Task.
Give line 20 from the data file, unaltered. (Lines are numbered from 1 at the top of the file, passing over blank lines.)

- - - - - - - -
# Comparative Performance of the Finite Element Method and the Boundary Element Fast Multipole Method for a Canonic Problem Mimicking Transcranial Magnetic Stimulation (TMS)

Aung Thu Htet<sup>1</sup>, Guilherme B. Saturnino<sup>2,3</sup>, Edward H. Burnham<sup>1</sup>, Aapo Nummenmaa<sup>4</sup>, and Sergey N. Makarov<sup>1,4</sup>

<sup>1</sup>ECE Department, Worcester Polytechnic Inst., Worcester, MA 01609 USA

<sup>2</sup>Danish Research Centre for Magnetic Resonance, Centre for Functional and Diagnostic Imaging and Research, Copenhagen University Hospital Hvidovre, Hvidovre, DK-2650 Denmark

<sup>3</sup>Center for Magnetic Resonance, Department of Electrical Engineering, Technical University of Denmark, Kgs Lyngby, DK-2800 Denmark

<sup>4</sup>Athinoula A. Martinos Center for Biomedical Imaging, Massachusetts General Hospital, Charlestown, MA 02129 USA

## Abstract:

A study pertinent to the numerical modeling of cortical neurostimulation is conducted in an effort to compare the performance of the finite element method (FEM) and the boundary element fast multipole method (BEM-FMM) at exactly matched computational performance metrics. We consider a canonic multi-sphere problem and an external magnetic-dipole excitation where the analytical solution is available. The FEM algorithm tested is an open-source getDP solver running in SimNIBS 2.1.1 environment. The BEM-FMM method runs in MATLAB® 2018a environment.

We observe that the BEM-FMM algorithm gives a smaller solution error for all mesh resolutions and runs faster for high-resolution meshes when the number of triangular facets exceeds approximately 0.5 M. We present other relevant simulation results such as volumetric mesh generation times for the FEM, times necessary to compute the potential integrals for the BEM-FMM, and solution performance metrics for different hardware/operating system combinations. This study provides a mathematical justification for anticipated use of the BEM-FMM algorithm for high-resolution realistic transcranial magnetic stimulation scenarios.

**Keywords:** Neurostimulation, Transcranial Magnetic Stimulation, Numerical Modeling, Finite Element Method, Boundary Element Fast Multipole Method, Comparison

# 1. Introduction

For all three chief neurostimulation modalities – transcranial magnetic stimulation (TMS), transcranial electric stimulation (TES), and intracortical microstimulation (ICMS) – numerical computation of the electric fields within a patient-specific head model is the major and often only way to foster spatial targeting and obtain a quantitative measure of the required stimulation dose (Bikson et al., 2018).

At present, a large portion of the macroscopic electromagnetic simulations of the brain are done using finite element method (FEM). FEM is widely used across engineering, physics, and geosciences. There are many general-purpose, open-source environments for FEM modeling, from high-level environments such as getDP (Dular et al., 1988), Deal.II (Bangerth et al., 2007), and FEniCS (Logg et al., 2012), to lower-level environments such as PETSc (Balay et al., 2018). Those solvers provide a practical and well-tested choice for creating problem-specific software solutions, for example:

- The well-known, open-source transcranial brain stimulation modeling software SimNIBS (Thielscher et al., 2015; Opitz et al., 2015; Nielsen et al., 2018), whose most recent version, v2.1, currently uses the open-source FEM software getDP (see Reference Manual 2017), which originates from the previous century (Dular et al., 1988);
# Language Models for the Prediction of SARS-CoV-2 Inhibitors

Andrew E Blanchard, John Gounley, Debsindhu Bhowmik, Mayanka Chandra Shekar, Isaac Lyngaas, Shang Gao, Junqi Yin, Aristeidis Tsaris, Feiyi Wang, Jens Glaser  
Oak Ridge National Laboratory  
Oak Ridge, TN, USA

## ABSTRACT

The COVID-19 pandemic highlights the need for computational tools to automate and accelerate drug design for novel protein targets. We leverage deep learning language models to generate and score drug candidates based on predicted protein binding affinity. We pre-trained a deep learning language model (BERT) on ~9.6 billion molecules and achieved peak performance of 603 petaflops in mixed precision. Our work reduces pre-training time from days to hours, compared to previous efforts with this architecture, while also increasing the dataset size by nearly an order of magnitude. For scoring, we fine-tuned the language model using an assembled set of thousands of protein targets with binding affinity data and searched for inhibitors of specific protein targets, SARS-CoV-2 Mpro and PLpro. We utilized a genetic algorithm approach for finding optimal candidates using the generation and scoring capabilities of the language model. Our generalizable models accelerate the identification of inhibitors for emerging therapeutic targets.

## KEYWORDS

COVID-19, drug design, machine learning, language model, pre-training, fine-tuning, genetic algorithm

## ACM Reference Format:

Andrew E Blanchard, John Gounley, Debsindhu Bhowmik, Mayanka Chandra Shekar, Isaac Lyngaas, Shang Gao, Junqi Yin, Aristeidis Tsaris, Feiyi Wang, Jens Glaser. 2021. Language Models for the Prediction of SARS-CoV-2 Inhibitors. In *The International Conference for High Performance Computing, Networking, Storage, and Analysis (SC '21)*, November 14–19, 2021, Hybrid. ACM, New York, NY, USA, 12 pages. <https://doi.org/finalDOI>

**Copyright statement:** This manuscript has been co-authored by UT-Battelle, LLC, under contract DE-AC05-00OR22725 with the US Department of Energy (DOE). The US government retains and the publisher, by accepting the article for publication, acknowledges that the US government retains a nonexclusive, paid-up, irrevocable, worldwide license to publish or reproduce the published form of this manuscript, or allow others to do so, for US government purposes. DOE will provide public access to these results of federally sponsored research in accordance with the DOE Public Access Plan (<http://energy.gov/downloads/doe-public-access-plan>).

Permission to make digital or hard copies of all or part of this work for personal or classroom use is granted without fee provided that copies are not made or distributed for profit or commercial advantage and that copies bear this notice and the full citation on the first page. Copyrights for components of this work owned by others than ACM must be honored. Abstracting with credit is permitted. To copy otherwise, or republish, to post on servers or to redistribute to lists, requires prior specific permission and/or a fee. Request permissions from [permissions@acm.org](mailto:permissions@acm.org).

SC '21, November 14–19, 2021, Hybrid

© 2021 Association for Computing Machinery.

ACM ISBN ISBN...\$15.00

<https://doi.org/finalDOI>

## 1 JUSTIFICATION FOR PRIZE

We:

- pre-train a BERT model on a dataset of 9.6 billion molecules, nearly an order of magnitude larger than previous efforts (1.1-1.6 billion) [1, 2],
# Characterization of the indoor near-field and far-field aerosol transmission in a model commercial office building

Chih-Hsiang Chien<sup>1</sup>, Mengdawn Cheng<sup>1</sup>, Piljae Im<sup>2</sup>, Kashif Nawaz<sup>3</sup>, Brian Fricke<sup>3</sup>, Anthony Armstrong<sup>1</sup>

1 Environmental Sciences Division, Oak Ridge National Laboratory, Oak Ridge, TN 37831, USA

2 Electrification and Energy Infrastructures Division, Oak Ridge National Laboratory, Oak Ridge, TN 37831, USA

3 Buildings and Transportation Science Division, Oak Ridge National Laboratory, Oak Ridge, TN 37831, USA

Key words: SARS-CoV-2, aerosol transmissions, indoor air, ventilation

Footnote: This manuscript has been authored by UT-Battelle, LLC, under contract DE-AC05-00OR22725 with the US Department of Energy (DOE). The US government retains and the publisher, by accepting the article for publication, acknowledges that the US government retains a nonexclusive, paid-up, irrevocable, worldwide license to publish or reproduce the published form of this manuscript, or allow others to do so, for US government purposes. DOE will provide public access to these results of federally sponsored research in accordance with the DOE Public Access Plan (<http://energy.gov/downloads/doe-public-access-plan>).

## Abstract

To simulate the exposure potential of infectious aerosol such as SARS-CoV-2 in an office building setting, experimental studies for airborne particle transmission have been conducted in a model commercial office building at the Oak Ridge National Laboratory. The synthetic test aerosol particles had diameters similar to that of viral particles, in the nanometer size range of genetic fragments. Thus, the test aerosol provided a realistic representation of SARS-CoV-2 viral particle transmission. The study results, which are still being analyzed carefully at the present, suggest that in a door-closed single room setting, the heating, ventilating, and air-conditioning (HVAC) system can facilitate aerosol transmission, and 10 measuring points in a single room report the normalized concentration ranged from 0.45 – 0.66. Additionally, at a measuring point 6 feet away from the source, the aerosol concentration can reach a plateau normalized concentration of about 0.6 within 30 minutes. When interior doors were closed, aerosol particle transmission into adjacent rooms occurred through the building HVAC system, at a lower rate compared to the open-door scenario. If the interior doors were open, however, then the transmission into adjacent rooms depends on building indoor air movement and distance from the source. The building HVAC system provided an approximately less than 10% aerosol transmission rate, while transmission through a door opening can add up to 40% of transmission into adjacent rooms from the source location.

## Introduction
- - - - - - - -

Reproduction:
The COVID-19 pandemic highlights the need for computational tools to automate and accelerate drug design for novel protein targets. We leverage deep learning language models to generate and score drug candidates based on predicted protein binding affinity. We pre-trained a deep learning language model (BERT) on ~9.6 billion molecules and achieved peak performance of 603 petaflops in mixed precision. Our work reduces pre-training time from days to hours, compared to previous efforts with this architecture, while also increasing the dataset size by nearly an order of magnitude. For scoring, we fine-tuned the language model using an assembled set of thousands of protein targets with binding affinity data and searched for inhibitors of specific protein targets, SARS-CoV-2 Mpro and PLpro. We utilized a genetic algorithm approach for finding optimal candidates using the generation and scoring capabilities of the language model. Our generalizable models accelerate the identification of inhibitors for emerging therapeutic targets.